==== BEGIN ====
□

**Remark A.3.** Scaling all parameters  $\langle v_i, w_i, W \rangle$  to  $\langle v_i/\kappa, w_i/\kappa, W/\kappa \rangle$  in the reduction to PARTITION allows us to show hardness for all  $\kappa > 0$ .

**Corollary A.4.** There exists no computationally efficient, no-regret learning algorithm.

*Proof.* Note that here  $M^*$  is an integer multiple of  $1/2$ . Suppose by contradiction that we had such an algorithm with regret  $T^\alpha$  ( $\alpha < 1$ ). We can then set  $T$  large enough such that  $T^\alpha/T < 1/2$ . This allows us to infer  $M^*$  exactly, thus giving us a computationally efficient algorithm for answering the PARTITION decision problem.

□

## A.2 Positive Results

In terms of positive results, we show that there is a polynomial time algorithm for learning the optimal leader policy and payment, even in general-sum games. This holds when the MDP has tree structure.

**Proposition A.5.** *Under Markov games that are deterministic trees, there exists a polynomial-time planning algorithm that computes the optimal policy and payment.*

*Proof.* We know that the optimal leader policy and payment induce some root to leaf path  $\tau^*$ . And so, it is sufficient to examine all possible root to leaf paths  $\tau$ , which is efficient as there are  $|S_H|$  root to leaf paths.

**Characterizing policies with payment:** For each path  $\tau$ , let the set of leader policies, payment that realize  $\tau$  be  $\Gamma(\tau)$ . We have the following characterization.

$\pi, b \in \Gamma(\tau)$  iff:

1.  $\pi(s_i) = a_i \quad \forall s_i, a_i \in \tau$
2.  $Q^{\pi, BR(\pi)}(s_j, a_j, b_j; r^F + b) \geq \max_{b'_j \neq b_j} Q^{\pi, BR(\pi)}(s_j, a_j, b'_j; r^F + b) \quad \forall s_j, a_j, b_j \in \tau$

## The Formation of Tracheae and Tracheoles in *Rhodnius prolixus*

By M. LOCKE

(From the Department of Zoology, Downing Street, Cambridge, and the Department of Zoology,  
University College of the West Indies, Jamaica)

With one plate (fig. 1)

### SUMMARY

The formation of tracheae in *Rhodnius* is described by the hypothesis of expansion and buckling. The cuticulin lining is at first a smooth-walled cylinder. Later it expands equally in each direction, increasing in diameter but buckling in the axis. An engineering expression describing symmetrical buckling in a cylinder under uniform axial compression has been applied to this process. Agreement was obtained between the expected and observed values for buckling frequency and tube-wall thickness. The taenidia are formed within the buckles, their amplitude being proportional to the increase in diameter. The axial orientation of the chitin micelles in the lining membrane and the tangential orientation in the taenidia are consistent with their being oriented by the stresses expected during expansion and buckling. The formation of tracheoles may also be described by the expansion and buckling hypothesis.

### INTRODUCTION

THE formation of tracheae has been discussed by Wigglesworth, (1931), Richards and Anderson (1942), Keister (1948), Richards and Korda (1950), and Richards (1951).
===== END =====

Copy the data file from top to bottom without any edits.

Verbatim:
□

**Remark A.3.** Scaling all parameters  $\langle v_i, w_i, W \rangle$  to  $\langle v_i/\kappa, w_i/\kappa, W/\kappa \rangle$  in the reduction to PARTITION allows us to show hardness for all  $\kappa > 0$ .

**Corollary A.4.** There exists no computationally efficient, no-regret learning algorithm.

*Proof.* Note that here  $M^*$  is an integer multiple of  $1/2$ . Suppose by contradiction that we had such an algorithm with regret  $T^\alpha$  ( $\alpha < 1$ ). We can then set  $T$  large enough such that  $T^\alpha/T < 1/2$ . This allows us to infer  $M^*$  exactly, thus giving us a computationally efficient algorithm for answering the PARTITION decision problem.

□

## A.2 Positive Results

In terms of positive results, we show that there is a polynomial time algorithm for learning the optimal leader policy and payment, even in general-sum games. This holds when the MDP has tree structure.

**Proposition A.5.** *Under Markov games that are deterministic trees, there exists a polynomial-time planning algorithm that computes the optimal policy and payment.*

*Proof.* We know that the optimal leader policy and payment induce some root to leaf path  $\tau^*$ . And so, it is sufficient to examine all possible root to leaf paths  $\tau$ , which is efficient as there are  $|S_H|$  root to leaf paths.

**Characterizing policies with payment:** For each path  $\tau$ , let the set of leader policies, payment that realize  $\tau$  be  $\Gamma(\tau)$ . We have the following characterization.

$\pi, b \in \Gamma(\tau)$  iff:

1.  $\pi(s_i) = a_i \quad \forall s_i, a_i \in \tau$
2.  $Q^{\pi, BR(\pi)}(s_j, a_j, b_j; r^F + b) \geq \max_{b'_j \neq b_j} Q^{\pi, BR(\pi)}(s_j, a_j, b'_j; r^F + b) \quad \forall s_j, a_j, b_j \in \tau$

## The Formation of Tracheae and Tracheoles in *Rhodnius prolixus*

By M. LOCKE

(From the Department of Zoology, Downing Street, Cambridge, and the Department of Zoology,  
University College of the West Indies, Jamaica)

With one plate (fig. 1)

### SUMMARY

The formation of tracheae in *Rhodnius* is described by the hypothesis of expansion and buckling. The cuticulin lining is at first a smooth-walled cylinder. Later it expands equally in each direction, increasing in diameter but buckling in the axis. An engineering expression describing symmetrical buckling in a cylinder under uniform axial compression has been applied to this process. Agreement was obtained between the expected and observed values for buckling frequency and tube-wall thickness. The taenidia are formed within the buckles, their amplitude being proportional to the increase in diameter. The axial orientation of the chitin micelles in the lining membrane and the tangential orientation in the taenidia are consistent with their being oriented by the stresses expected during expansion and buckling. The formation of tracheoles may also be described by the expansion and buckling hypothesis.

### INTRODUCTION

THE formation of tracheae has been discussed by Wigglesworth, (1931), Richards and Anderson (1942), Keister (1948), Richards and Korda (1950), and Richards (1951).